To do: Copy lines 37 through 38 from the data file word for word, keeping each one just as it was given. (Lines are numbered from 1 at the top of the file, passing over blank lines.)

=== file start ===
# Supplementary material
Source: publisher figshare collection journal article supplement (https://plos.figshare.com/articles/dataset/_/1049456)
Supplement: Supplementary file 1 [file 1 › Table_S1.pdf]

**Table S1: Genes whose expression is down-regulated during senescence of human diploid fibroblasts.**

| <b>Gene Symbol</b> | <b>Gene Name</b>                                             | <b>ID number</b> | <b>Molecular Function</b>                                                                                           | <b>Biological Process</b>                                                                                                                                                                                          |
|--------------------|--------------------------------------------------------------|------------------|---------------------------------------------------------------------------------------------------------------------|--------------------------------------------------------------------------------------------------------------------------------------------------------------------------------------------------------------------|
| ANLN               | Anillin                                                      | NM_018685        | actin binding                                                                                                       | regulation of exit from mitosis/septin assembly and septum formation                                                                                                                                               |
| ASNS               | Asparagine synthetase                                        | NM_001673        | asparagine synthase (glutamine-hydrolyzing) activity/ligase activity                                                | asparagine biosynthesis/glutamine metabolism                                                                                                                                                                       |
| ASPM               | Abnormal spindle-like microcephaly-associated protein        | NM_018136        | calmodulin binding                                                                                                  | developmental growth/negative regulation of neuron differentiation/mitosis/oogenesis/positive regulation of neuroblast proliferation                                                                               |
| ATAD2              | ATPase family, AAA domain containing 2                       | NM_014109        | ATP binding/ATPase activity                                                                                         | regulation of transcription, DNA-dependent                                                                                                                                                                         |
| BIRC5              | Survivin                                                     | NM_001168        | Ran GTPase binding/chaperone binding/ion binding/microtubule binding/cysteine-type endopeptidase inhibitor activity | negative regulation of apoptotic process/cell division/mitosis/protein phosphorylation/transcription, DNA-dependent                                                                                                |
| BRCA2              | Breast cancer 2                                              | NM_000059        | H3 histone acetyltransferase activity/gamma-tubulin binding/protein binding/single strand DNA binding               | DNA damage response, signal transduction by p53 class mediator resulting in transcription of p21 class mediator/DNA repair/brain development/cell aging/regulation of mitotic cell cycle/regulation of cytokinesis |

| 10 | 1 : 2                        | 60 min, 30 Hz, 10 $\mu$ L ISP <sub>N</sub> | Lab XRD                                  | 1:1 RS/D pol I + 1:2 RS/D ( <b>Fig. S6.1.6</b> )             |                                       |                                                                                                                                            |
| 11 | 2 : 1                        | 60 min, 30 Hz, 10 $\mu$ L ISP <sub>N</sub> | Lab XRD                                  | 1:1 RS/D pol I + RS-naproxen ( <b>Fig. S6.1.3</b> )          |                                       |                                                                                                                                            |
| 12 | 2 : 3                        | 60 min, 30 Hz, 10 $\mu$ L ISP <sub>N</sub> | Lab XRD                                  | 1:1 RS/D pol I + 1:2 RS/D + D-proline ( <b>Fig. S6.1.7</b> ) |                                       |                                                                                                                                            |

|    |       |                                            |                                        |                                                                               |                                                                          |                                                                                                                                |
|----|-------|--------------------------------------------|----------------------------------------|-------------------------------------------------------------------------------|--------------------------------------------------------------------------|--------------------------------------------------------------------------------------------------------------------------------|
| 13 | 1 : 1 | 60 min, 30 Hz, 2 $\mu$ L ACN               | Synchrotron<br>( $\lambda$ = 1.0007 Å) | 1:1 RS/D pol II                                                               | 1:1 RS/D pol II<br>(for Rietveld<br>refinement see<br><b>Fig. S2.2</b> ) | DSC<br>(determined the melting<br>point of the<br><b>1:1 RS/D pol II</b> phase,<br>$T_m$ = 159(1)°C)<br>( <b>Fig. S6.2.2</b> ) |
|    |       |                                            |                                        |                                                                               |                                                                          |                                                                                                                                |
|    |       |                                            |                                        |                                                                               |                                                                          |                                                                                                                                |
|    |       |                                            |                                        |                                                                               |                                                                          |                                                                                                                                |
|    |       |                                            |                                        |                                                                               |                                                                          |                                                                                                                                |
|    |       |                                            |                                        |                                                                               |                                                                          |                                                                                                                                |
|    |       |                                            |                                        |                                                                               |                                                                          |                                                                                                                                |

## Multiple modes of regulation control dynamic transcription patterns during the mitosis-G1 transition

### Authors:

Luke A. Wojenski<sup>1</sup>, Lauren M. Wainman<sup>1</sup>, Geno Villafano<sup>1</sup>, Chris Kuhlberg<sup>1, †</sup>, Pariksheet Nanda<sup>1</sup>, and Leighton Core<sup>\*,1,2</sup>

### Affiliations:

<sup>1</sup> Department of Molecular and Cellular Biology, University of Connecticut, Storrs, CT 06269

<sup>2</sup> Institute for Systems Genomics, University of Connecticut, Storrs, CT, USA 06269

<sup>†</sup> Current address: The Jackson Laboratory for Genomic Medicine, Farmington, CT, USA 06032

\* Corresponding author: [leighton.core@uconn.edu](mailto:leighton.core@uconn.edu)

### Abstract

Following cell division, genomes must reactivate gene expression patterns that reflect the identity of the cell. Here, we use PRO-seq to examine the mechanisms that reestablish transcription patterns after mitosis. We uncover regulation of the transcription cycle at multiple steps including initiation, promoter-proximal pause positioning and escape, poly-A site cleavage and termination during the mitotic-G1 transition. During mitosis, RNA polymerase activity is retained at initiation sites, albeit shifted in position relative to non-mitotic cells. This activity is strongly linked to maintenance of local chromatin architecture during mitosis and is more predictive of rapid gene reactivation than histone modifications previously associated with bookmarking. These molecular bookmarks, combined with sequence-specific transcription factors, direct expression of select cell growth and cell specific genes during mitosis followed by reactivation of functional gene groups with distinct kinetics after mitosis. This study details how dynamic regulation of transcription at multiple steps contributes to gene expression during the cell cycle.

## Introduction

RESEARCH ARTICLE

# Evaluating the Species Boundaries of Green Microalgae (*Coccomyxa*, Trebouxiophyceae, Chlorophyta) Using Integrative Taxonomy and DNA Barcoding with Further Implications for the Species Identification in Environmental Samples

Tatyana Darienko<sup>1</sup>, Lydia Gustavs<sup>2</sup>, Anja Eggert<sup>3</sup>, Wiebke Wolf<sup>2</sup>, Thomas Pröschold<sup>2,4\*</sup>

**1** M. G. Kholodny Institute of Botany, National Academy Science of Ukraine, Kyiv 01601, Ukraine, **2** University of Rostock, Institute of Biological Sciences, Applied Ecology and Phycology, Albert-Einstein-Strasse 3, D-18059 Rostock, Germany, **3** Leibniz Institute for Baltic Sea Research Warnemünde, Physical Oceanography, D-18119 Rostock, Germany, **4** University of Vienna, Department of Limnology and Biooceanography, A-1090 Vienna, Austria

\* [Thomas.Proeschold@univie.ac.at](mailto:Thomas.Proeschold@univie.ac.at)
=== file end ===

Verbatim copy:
# Evaluating the Species Boundaries of Green Microalgae (*Coccomyxa*, Trebouxiophyceae, Chlorophyta) Using Integrative Taxonomy and DNA Barcoding with Further Implications for the Species Identification in Environmental Samples

Tatyana Darienko<sup>1</sup>, Lydia Gustavs<sup>2</sup>, Anja Eggert<sup>3</sup>, Wiebke Wolf<sup>2</sup>, Thomas Pröschold<sup>2,4\*</sup>